How many thoughts do you have in a day? Hundreds? Thousands? Tens of thousands?

Studies say that most people would lie rather than state the truth about approximately 75 percent of the thoughts we have. If true, that means there are probably many thousands of thoughts passing through our heads every day that we’re ashamed of, or even deceiving ourselves about! That’s potentially a lot of self-deception, a lot of things we believe that we wouldn’t admit, most likely even to ourselves.

I knew a man who worked in the FBI. He told me once that the one absolute truth his job had taught him is that everybody lies. I think he’s right, and if these numbers are to be believed, most of us lie near constantly! So why is this a problem?

It’s a problem because lies cause physiological stress. This is a well-known fact—it’s the whole premise behind a lie detector test. All these devices really do is measure stress, and when whoever is hooked up to it tells a lie, the machine reads and records their biological response. Now, it’s not a perfect test. Some people are able to beat it by remaining calm, but that’s not something that comes naturally. It takes practice and concentration. So how much stress are we pouring into ourselves every day just by the thoughts we’re unwilling to confront?

Thoughts have been a major subject in the last few weeks. They come and go largely without the consent of our conscious mind. They are generated by the heart, but also influence the heart, like an internal ecosystem. Our job is not to make the rainfall or the sunshine, but to cultivate the garden as best we can. That’s what it means to take every thought captive.

Many of these thoughts will be pretty mundane things. Let’s use an example from my real life and say I have a thought that I should take the garbage out, but I don’t want to. Not exactly a dark hour of the soul, right? But part of what leads us astray is in thinking of these things as unimportant. Scripture says that those who are faithful in small things will be entrusted with large things, and I think that this is a statement about how people learn and grow, maybe more so than a statement about the sorts of opportunities God will send our way. After all, if you want to learn mathematics, you start with simple problems before moving up to the really complex equations.

So I feel that I should take the garbage out. The normal response here is to either: A) take the garbage out, or B) make some excuse to myself and then forget about it. Now, because this is such a small part of my day, if I choose to make an excuse, it probably won’t be a very good one. Maybe I know it’s my turn to handle it, but I can rationalize that away with something like, “Well I’m very busy today. I have more important things to do.” That may be true, but if I’m really honest, it shouldn’t excuse me. It would take me 60 seconds to take the garbage out.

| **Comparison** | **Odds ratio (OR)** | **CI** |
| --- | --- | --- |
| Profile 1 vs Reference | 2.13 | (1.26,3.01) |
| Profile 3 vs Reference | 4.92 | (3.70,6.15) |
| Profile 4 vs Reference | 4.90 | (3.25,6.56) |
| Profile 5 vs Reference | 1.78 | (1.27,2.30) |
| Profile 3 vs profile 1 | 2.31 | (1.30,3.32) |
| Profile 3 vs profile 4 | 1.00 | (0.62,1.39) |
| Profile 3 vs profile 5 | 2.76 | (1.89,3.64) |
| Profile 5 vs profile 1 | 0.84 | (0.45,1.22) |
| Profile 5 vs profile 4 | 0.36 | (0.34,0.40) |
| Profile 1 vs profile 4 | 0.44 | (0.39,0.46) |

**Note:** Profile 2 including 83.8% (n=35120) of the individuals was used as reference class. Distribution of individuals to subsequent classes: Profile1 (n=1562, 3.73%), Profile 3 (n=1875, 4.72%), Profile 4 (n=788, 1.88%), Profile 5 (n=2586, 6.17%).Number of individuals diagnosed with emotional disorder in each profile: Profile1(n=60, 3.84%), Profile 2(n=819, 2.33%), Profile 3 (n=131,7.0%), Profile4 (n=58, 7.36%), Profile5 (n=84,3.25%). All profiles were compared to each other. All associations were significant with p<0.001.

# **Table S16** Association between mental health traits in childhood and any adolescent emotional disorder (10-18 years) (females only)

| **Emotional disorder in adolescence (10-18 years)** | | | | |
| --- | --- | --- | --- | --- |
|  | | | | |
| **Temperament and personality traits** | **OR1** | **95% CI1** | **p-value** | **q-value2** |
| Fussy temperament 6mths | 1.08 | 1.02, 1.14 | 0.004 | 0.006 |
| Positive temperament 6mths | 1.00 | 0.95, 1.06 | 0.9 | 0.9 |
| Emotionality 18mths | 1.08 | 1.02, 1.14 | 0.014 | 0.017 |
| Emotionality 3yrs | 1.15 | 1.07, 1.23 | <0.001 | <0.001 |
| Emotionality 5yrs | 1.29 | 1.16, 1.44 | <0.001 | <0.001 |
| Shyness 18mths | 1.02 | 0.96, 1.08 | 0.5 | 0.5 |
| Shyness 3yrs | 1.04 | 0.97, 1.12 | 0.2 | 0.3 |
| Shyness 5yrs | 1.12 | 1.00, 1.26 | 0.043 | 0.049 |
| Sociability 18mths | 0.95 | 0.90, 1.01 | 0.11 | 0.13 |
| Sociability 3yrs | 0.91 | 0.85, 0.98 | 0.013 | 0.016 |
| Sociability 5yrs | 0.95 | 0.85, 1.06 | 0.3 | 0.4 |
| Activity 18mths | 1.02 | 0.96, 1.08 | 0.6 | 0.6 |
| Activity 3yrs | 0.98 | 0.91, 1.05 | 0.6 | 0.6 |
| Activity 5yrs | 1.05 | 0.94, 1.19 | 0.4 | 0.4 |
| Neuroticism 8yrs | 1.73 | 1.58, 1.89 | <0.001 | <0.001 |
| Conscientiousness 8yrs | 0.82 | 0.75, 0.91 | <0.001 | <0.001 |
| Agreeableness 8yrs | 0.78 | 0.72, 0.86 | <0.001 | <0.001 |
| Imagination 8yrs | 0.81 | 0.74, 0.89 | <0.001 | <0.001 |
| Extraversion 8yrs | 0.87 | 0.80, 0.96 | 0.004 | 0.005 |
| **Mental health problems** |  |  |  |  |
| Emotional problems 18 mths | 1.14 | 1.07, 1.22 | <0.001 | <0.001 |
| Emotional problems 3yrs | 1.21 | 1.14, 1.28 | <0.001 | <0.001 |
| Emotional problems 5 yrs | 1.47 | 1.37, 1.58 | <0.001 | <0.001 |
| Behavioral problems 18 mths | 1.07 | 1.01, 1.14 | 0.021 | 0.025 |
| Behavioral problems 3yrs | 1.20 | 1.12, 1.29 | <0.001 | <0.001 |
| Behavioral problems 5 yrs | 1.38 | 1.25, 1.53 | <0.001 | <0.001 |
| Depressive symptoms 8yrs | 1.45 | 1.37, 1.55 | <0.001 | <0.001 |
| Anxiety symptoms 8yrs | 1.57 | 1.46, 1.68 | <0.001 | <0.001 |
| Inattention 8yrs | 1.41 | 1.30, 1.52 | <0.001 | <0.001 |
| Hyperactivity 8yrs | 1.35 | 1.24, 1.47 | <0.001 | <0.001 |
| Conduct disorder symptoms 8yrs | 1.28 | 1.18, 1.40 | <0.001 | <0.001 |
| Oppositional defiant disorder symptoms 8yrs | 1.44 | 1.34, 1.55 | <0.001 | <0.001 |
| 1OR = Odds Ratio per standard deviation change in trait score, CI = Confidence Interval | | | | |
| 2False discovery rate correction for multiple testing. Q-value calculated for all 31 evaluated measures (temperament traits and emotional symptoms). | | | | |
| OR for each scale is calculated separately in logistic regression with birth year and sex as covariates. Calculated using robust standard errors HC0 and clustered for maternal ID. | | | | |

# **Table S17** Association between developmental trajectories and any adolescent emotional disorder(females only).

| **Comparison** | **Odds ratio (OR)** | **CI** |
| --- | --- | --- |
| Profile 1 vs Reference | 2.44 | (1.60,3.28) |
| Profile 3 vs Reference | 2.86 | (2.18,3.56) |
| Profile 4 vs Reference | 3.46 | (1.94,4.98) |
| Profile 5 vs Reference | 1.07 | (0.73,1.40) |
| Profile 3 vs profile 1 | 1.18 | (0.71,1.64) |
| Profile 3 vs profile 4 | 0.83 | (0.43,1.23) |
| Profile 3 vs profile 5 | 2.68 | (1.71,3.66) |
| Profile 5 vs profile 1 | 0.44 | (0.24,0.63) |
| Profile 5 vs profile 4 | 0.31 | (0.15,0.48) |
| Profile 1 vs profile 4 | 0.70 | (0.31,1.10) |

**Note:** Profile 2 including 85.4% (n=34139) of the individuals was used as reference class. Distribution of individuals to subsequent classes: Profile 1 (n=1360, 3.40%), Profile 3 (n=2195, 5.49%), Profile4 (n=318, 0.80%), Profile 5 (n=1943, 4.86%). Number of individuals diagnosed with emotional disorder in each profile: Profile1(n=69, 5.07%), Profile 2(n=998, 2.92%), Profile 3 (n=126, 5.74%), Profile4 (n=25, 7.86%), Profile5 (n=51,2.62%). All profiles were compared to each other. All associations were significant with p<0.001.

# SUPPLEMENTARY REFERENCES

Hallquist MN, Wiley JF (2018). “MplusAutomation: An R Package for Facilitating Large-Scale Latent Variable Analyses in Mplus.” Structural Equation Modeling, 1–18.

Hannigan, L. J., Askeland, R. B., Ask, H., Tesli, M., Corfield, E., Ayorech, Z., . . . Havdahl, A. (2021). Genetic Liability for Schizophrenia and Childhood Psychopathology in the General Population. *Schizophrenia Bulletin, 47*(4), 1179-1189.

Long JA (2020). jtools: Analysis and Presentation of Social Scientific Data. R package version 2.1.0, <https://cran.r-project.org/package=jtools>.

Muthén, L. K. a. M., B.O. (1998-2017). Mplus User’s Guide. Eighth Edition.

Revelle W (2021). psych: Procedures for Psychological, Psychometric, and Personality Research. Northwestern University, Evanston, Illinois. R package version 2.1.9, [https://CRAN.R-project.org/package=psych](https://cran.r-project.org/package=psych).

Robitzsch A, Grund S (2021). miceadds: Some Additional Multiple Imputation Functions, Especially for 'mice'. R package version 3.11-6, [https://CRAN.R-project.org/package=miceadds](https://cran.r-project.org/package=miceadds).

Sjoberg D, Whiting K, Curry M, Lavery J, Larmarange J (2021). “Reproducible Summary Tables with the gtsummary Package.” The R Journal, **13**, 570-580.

So I make a bad decision. Looking back, I can tell it’s a bad decision, especially if my wife confronts me about it. So why didn’t I see it in the moment? Because I didn’t really look. This is exactly what not taking a thought captive looks like in practice. Start with taking the small things captive, and gradually it will become a habit. You’ll start to look more closely at all of your thoughts, and that will lead you to live more authentically, to make better decisions overall, and even to feel more physically relaxed and healthy.

The conflict, almost every time, is with fear. The reasons we lie—to others or to ourselves—are most often shame or embarrassment, because we feel that if we were honest about what we thought or felt then others would react negatively, or even simply because we don’t want to go through the hardship of challenging ourselves. There is a real element of fear in that, even in extremely small matters. You know how they say that the first step to recovery is admitting you have a problem? Self-deception—or self-evasion—stunts growth. As in anything else, if you don’t ask questions and confront your mistakes, you’ll simply keep making the same ones over and over—and that’s what we need to avoid. When your heart spits up negative thoughts as a reaction to a deeper problem, you can keep pushing them away… or you can confront the source of those negative thoughts and possibly experience real, permanent improvement.

Have a blessed, wonderful day!

Alex Loyd



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